Please use this identifier to cite or link to this item: http://hdl.handle.net/1893/30289
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dc.contributor.authorMiller, Jordanen_UK
dc.contributor.authorCurrie, Sinéaden_UK
dc.contributor.authorO'Carroll, Ronan Een_UK
dc.date.accessioned2019-10-15T00:00:32Z-
dc.date.available2019-10-15T00:00:32Z-
dc.date.issued2019en_UK
dc.identifier.other1463en_UK
dc.identifier.urihttp://hdl.handle.net/1893/30289-
dc.description.abstractBackground: There is a worldwide shortage of donor organs for transplantation. To overcome this, several countries have introduced an opt-out donor consent system. This system, soon planned for Scotland and England means individuals are automatically deemed to consent for organ donation unless they register an opt-out decision. This study was designed to explore the reasons underpinning donor choices for people who plan to actively opt-in to the register, take no action and be on the register via deemed consent, opt-out, and those who are unsure of their decision. Methods: This study reports the analysis of free-text responses obtained from a large survey of intentions towards opt-out legislation in Scotland, England and Northern Ireland (n = 1202). Of the n = 1202 participants who completed the questionnaire, n = 923 provided a free text response explaining their views. Thematic analysis was used to explore the reasons why participants plan to: opt-in (n = 646), follow deemed consent (n = 205), opt-out (n = 32) and those who were not sure (n = 40) Results: A key theme for people planning to opt-in is that it ensures one’s donor choice is explicitly clear and unequivocal. Some regarded deemed consent as unclear and open to ambiguity, thus actively opting-in was viewed as a way of protecting against family uncertainty and interference. For the deemed consent group, a key theme is that it represents a simple effortless choice. This is important from both a pragmatic time-saving point of view and because it protects ambivalent participants from making a challenging emotive choice about organ donation. Key themes for those planning to opt-out relate to fears around medical mistrust and bodily integrity. Notably, both participants who plan to opt-out and opt-in perceived presumed consent as “authoritarian” and a method of increasing Government control of organs. In response, registering an active decision protected their freedom of choice. Conclusions: The findings highlight the importance of registering deliberate active consent for people who choose opt-in, due to concerns over possible family refusal under deemed consent. These findings could inform the development of communication campaigns that encourage family communication before the implementation of opt-out legislation.en_UK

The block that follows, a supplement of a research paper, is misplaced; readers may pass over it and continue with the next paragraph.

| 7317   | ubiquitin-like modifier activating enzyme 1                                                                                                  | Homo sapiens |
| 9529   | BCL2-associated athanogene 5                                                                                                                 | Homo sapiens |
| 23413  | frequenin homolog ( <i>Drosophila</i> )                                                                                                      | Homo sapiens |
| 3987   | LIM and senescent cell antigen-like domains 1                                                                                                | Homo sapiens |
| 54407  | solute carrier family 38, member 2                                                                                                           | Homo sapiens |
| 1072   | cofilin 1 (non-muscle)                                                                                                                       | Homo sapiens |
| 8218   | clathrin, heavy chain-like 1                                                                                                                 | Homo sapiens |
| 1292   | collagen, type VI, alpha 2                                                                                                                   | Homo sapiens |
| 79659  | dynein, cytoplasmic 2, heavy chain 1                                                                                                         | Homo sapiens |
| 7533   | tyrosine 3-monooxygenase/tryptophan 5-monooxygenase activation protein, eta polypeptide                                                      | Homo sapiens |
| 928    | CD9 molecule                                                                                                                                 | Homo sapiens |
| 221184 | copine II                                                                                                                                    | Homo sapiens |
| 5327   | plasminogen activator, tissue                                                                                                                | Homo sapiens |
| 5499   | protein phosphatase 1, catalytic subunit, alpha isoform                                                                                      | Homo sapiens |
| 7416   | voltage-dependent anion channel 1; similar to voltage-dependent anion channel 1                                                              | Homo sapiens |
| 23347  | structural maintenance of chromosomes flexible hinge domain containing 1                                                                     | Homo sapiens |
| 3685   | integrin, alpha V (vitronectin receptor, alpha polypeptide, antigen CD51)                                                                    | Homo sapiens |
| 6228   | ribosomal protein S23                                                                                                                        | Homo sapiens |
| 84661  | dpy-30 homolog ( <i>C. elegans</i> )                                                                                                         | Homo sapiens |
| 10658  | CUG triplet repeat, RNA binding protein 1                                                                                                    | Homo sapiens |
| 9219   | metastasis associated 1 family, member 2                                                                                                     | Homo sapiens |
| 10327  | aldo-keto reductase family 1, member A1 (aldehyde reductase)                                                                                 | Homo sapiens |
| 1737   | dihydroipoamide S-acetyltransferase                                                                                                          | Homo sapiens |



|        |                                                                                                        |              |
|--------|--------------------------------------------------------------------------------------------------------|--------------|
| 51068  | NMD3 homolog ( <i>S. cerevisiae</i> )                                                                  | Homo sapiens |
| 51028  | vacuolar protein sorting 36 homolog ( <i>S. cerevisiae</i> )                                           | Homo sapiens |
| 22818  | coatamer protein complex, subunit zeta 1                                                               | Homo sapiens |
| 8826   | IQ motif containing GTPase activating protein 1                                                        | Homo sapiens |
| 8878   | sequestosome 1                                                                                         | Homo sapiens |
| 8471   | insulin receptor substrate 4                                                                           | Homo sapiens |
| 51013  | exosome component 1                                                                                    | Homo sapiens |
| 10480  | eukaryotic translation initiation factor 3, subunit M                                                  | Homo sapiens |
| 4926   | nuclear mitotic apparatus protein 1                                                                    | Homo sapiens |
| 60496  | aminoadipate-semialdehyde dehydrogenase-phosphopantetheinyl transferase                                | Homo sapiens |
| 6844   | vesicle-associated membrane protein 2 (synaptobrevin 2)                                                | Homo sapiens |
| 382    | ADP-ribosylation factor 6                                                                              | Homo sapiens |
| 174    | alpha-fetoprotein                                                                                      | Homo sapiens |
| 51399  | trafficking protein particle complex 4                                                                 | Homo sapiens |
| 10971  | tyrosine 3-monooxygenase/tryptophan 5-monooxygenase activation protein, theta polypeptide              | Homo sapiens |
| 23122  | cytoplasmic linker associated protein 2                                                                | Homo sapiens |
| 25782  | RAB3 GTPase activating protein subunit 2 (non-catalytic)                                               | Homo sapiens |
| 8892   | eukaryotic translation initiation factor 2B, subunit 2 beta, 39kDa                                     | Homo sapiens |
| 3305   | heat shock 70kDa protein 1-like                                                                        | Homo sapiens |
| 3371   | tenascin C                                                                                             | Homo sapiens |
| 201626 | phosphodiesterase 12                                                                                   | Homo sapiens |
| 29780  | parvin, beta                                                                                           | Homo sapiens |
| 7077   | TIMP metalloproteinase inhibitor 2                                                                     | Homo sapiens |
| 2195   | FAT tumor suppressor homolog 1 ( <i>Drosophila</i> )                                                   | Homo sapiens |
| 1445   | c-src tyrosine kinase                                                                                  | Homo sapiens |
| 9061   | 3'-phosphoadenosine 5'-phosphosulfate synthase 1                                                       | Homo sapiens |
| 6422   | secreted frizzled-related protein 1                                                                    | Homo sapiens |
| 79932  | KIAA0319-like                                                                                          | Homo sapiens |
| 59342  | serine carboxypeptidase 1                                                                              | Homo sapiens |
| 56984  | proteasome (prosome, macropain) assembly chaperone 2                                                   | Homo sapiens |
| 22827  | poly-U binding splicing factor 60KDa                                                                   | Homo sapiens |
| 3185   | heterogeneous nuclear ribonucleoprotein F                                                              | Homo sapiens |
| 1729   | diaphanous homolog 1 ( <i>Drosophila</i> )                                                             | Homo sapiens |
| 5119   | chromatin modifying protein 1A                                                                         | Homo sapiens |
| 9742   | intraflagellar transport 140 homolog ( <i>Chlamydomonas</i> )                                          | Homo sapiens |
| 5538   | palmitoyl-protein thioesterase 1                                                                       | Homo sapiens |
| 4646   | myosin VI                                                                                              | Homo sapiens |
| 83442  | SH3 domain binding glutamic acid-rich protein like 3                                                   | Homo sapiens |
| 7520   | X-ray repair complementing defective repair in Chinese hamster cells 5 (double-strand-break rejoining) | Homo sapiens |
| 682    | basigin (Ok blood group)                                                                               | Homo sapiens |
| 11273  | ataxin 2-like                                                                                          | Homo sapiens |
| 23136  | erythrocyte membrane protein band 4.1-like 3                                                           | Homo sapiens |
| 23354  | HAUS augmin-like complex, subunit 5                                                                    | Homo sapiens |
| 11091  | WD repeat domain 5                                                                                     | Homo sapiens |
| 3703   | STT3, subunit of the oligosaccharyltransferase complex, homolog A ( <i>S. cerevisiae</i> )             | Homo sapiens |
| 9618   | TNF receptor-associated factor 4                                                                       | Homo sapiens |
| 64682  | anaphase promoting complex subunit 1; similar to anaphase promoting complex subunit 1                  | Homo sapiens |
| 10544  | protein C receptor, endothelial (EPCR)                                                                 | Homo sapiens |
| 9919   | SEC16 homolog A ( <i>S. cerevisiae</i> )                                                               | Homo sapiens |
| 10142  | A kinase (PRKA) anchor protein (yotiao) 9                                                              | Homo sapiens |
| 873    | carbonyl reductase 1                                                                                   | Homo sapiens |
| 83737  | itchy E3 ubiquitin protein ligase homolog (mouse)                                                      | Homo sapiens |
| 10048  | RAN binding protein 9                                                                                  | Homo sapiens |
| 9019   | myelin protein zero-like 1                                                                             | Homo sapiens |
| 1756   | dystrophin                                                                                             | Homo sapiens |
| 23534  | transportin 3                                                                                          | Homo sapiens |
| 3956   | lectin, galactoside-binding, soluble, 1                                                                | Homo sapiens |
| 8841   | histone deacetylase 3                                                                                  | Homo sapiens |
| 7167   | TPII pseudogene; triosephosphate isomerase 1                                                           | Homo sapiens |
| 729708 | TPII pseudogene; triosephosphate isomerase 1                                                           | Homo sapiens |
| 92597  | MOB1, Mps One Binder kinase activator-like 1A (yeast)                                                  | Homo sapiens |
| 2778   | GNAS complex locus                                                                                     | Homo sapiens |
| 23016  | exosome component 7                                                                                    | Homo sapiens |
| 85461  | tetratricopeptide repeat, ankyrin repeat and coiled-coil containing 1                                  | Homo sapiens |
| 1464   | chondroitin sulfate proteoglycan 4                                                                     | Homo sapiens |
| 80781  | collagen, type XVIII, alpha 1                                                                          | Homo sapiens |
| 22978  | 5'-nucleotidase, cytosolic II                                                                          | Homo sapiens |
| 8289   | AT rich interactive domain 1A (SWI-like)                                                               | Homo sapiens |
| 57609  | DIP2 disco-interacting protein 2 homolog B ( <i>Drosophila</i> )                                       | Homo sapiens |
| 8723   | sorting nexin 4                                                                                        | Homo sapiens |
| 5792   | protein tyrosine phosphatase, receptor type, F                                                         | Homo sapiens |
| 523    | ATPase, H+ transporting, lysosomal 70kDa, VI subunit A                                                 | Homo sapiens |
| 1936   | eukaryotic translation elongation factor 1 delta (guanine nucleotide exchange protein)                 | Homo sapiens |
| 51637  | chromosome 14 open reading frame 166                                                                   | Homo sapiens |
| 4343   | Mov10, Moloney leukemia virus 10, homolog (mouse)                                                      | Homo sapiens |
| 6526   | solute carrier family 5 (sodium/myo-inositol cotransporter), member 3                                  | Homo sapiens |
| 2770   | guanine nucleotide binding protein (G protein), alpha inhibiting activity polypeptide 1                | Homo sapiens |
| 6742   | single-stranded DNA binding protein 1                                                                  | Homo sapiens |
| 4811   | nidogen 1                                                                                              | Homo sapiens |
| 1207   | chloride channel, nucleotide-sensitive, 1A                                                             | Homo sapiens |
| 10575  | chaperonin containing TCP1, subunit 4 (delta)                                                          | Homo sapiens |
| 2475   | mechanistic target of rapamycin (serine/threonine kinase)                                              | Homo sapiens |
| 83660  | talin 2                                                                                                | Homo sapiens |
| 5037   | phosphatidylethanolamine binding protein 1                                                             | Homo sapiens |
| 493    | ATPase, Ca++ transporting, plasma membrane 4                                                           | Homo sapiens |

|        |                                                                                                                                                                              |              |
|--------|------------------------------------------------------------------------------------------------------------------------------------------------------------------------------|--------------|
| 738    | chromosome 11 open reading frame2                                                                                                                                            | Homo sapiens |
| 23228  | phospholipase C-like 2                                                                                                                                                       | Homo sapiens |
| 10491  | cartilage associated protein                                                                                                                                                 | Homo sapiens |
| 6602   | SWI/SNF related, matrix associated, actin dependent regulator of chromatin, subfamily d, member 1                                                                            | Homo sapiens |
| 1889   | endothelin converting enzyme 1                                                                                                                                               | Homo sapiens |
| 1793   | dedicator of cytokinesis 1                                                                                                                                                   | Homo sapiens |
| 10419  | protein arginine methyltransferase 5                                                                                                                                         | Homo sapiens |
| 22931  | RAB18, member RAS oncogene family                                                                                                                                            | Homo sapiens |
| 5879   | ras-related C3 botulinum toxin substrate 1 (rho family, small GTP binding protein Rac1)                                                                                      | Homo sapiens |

dc.language.isoenen_UK
dc.publisherBMCen_UK
dc.relationMiller J, Currie S & O'Carroll RE (2019) 'If I donate my organs it's a gift, if you take them it's theft': a qualitative study of planned donor decisions under opt-out legislation. BMC Public Health, 19, Art. No.: 1463. https://doi.org/10.1186/s12889-019-7774-1en_UK
dc.rightsThis article is distributed under the terms of the Creative Commons Attribution 4.0 International License (http://creativecommons.org/licenses/by/4.0/), which permits unrestricted use, distribution, and reproduction in any medium, provided you give appropriate credit to the original author(s) and the source, provide a link to the Creative Commons license, and indicate if changes were made. The Creative Commons Public Domain Dedication waiver (http://creativecommons.org/publicdomain/zero/1.0/) applies to the data made available in this article, unless otherwise stated.en_UK
dc.rights.urihttp://creativecommons.org/licenses/by/4.0/en_UK
dc.subjectOrgan Donationen_UK
dc.subjectOpt-out Consenten_UK
dc.subjectMedical Mistrusten_UK
dc.subjectBodily Integrityen_UK
dc.subjectFamily Refusalen_UK
dc.subjectQualitative Studyen_UK
dc.title'If I donate my organs it's a gift, if you take them it's theft': a qualitative study of planned donor decisions under opt-out legislationen_UK
dc.typeJournal Articleen_UK
dc.rights.embargodate2019-11-06en_UK
dc.identifier.doi10.1186/s12889-019-7774-1en_UK
dc.identifier.pmid31694604en_UK
dc.citation.jtitleBMC Public Healthen_UK
dc.citation.issn1471-2458en_UK
dc.citation.volume19en_UK
dc.citation.publicationstatusPublisheden_UK
dc.citation.peerreviewedRefereeden_UK
dc.type.statusVoR - Version of Recorden_UK
dc.citation.date06/11/2019en_UK
dc.contributor.affiliationPsychologyen_UK
dc.contributor.affiliationPsychologyen_UK
dc.contributor.affiliationPsychologyen_UK
dc.identifier.isiWOS:000495641400009en_UK
dc.identifier.scopusid2-s2.0-85074626422en_UK
dc.identifier.wtid1464458en_UK
dc.contributor.orcid0000-0002-7565-4012en_UK
dc.contributor.orcid0000-0002-5130-291Xen_UK
dc.date.accepted2019-10-14en_UK
dc.date.filedepositdate2019-10-14en_UK
Appears in Collections:Psychology Journal Articles

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